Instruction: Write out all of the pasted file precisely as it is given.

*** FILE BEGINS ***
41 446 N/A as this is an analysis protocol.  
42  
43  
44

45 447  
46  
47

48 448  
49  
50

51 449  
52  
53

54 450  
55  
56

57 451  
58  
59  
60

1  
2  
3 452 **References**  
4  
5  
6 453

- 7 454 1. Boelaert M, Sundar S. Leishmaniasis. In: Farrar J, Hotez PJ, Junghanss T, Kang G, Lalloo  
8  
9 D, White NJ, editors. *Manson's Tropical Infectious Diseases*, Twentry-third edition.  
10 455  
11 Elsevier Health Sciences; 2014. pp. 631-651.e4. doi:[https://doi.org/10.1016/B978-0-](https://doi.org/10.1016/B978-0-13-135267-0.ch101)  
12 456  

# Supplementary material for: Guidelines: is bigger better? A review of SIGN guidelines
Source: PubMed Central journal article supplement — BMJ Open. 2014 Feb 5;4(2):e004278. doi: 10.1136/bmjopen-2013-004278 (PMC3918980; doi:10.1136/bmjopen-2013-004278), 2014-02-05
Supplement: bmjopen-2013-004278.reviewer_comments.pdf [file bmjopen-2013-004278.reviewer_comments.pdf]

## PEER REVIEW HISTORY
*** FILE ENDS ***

41 446 N/A as this is an analysis protocol.  
42  
43  
44

45 447  
46  
47

48 448  
49  
50

51 449  
52  
53

54 450  
55  
56

57 451  
58  
59  
60

1  
2  
3 452 **References**  
4  
5  
6 453

- 7 454 1. Boelaert M, Sundar S. Leishmaniasis. In: Farrar J, Hotez PJ, Junghanss T, Kang G, Lalloo  
8  
9 D, White NJ, editors. *Manson's Tropical Infectious Diseases*, Twentry-third edition.  
10 455  
11 Elsevier Health Sciences; 2014. pp. 631-651.e4. doi:[https://doi.org/10.1016/B978-0-](https://doi.org/10.1016/B978-0-13-135267-0.ch101)  
12 456  

# Supplementary material for: Guidelines: is bigger better? A review of SIGN guidelines
Source: PubMed Central journal article supplement — BMJ Open. 2014 Feb 5;4(2):e004278. doi: 10.1136/bmjopen-2013-004278 (PMC3918980; doi:10.1136/bmjopen-2013-004278), 2014-02-05
Supplement: bmjopen-2013-004278.reviewer_comments.pdf [file bmjopen-2013-004278.reviewer_comments.pdf]

## PEER REVIEW HISTORY